Tonight I bottled up the peach mead I brewed on 6/30 using honey from my hives. I siphoned a couple of ounces into a glass. This is young but absolutely delicious. I’ve made a lot of Mead over the years, and I’m pretty certain now that the right yeast is key to retaining the honey flavored. This is a bright, rich wine with a round honey flavor and pronounced peach notes. Sometimes meads come through with a bit of cough syrup taste. None of that here. This is good, good stuff.
I’m a fan of infusing fruit and berries into meads, and making country wines (i.e., wines that don’t rely on grapes for their base sugars) with whatever fruits or berries – or a mixture thereof – are on hand. To me, it’s a way of capturing a season, using a quantity of standard white sugar and a quantity of fruit juices or, even better, whole, in-season fruit.
But how best to get the terrific flavor of, say, a peach or a pear, into the neck of a one gallon demijohn?
I have tried a number of methods by now, and by far the best approach is to keep the fruits or berries as whole as possible. If you put fruit through a juicer (which I have repeatedly done), the resulting juice will have a tremendous amount of pulp in it. It’s not something that you might necessarily notice if you just drank the glass of juice, but when you’re going through the process of clearing a wine, using juiced fruits tends to require more racking, and the sediments are wispier, lighter, and more easily agitated into suspension – meaning more racking down the road.
One of my favorite fruit adjuncts is blueberries. They’re small enough to fit into any vessel’s neck without damage, and they add a wonderful depth and richness to the flavor. Because they’re so easy to use intact, they result in a pretty no-fuss ferment/rack/clear process.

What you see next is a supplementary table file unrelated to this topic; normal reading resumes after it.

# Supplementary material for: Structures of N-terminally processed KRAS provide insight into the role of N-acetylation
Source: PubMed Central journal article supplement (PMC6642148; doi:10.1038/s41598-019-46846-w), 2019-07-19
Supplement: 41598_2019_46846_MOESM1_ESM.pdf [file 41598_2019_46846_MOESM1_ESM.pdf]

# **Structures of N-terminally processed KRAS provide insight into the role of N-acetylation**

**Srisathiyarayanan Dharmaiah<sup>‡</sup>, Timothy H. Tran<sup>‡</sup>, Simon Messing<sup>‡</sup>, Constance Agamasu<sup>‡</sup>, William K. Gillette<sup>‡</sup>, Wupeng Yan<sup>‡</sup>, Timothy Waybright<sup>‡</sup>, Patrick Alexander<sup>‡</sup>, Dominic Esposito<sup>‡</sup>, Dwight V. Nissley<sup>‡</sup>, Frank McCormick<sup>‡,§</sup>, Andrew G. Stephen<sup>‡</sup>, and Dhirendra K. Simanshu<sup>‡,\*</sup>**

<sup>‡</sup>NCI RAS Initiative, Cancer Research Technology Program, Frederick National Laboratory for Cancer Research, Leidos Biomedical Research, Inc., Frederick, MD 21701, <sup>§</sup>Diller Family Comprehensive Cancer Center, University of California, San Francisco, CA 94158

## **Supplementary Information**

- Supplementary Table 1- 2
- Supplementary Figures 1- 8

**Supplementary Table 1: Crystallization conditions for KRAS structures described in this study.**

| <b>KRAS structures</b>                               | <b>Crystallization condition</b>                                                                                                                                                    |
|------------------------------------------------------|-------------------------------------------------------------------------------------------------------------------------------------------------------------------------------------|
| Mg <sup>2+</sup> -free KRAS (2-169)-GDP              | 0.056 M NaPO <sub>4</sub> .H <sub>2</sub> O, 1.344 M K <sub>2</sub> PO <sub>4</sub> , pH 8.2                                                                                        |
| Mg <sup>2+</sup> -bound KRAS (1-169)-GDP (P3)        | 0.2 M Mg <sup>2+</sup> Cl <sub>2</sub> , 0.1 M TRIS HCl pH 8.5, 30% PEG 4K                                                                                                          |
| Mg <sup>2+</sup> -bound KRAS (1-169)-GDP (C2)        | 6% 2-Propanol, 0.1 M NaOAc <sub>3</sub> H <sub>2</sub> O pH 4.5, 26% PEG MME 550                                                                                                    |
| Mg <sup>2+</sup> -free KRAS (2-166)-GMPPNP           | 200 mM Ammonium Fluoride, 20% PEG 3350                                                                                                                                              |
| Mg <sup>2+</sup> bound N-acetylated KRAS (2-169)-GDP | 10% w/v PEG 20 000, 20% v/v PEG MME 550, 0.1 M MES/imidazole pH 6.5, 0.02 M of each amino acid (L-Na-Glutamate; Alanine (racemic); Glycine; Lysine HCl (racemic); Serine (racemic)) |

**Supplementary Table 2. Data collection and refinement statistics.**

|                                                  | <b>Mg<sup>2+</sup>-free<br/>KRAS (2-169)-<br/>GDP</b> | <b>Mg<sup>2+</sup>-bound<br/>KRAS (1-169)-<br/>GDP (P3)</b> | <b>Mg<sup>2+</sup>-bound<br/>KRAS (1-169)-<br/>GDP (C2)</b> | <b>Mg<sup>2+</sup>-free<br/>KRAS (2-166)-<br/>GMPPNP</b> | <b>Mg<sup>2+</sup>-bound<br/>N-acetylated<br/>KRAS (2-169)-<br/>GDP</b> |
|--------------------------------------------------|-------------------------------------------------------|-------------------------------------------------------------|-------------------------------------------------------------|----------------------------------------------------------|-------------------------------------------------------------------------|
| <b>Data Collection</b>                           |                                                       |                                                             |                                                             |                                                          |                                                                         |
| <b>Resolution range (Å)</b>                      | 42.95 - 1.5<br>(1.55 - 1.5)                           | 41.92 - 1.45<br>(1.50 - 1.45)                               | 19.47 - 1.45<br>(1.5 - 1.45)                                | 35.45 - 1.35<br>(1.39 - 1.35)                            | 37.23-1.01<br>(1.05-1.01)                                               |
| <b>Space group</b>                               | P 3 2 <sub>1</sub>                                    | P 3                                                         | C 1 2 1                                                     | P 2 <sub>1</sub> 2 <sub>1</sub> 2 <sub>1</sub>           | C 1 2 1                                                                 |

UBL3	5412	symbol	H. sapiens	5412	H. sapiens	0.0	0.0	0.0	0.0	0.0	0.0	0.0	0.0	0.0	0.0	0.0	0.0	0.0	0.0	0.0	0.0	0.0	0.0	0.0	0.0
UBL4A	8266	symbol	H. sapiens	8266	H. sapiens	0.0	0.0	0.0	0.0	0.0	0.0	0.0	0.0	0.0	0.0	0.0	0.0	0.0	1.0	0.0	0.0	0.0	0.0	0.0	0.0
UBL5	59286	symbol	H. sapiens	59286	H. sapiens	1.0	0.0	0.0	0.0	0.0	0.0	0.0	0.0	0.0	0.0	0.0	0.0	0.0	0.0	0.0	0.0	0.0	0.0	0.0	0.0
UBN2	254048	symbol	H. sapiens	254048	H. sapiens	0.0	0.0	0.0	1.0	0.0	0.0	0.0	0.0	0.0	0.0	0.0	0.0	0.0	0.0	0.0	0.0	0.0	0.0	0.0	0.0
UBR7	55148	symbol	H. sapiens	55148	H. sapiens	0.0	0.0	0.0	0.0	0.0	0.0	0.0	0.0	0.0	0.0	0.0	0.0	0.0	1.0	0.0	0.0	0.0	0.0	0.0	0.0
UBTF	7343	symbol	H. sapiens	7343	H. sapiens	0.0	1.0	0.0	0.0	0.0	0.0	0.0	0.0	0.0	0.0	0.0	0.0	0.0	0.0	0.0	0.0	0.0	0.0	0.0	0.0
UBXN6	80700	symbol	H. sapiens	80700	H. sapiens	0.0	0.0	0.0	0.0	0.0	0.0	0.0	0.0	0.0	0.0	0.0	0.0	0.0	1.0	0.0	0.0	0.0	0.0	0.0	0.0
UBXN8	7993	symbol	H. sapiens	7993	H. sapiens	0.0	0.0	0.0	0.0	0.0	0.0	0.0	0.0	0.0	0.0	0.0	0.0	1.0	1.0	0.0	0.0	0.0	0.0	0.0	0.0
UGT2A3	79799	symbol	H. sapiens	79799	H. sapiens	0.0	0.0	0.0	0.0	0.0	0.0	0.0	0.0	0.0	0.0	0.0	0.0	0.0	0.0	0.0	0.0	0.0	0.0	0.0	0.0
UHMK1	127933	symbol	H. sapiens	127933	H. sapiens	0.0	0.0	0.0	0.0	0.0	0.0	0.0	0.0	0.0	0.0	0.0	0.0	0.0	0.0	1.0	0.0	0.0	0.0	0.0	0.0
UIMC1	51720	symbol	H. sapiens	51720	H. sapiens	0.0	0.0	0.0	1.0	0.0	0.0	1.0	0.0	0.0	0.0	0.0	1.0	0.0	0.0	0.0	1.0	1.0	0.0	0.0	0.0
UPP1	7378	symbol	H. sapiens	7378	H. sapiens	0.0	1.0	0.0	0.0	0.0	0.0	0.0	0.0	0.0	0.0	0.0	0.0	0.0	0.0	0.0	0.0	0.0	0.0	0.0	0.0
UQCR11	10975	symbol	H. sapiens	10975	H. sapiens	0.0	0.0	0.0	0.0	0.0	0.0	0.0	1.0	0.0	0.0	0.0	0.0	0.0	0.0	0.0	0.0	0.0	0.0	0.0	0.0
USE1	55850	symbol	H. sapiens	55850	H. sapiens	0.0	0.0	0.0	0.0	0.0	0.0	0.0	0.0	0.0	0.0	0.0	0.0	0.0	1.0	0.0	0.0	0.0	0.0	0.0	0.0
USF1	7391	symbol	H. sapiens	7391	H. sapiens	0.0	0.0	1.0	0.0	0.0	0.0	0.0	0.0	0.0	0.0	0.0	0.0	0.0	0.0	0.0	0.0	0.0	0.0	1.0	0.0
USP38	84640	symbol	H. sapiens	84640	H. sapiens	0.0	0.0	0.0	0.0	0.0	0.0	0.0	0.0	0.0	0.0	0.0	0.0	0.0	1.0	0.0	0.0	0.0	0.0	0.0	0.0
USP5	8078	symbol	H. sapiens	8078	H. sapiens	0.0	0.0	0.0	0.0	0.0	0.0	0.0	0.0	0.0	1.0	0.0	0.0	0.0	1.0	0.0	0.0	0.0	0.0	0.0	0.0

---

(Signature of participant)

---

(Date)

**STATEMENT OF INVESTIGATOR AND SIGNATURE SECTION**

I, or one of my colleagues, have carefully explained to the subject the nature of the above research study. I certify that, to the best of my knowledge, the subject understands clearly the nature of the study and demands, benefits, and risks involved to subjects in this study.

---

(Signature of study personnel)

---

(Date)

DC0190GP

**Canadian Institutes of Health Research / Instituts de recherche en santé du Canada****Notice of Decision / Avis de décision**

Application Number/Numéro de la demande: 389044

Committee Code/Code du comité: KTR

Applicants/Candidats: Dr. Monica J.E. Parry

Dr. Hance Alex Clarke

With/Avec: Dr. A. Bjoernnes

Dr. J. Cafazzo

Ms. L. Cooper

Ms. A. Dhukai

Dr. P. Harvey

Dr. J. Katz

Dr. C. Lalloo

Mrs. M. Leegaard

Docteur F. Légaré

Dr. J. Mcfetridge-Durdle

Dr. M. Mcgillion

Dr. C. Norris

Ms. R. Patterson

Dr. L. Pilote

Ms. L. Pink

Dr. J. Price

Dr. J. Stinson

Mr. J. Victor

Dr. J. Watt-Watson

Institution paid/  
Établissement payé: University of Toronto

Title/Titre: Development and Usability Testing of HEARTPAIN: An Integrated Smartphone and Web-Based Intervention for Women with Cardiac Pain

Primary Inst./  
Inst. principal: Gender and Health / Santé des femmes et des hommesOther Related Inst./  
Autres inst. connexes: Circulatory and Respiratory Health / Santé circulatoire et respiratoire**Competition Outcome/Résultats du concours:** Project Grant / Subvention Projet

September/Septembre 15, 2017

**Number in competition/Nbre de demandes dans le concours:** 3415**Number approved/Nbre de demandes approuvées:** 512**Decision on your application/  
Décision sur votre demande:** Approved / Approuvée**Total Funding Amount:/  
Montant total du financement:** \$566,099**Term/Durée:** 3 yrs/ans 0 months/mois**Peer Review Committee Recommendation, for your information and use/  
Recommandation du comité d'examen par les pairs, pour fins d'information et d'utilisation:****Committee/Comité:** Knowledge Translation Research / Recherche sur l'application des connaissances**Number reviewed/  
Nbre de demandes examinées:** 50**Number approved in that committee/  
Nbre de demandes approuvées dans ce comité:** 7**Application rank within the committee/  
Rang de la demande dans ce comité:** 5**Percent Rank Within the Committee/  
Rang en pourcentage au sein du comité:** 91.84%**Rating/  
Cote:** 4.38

I find that a long simmer, as though you’re making a fruit stock, can give you a lot of good to work with if you have larger fruit. Twelve or twenty-four hours in a stock pot or crock pot, just covered by water (replenish as needed), usually results in a rich liquor (in the old school sense, not in the booze sense) to be mixed in with your other sugars.
I don’t have a lot of experience with fruit infusions in beers, but maybe this winter I’ll get something light started that can secondary on something weird, like a wheat beer infused with dates and a jalapeno.
Hey, it’s homebrew. Dream weird.
Here’s a great piece on the role honey may have played in delivering bulk calories to early human (and proto-human) bands. I didn’t realize that the 25,000 year old Altamira Cave paintings depicted honey robbing, but I’m not surprised.
No mention of alcohol, but modern beekeepers working in modern, humidity controlled, temperature controlled spaces report “bottle bombs” of honey sometimes when they aren’t even trying to ferment it. It seems unavoidable that communities with more exposure to the elements and lacking screw-on lids and such would have developed a certain ABV in their honey, and it’s also likely that they considered this a benefit.
For a video look at how a traditional Tanzanian community brews with honey, check out the Tanzania episode of the show Three Sheets (link opens to Google search results. The show has also been available on Hulu). As a beekeeper and mead maker, I enjoyed the short segment on “Bee Brew.”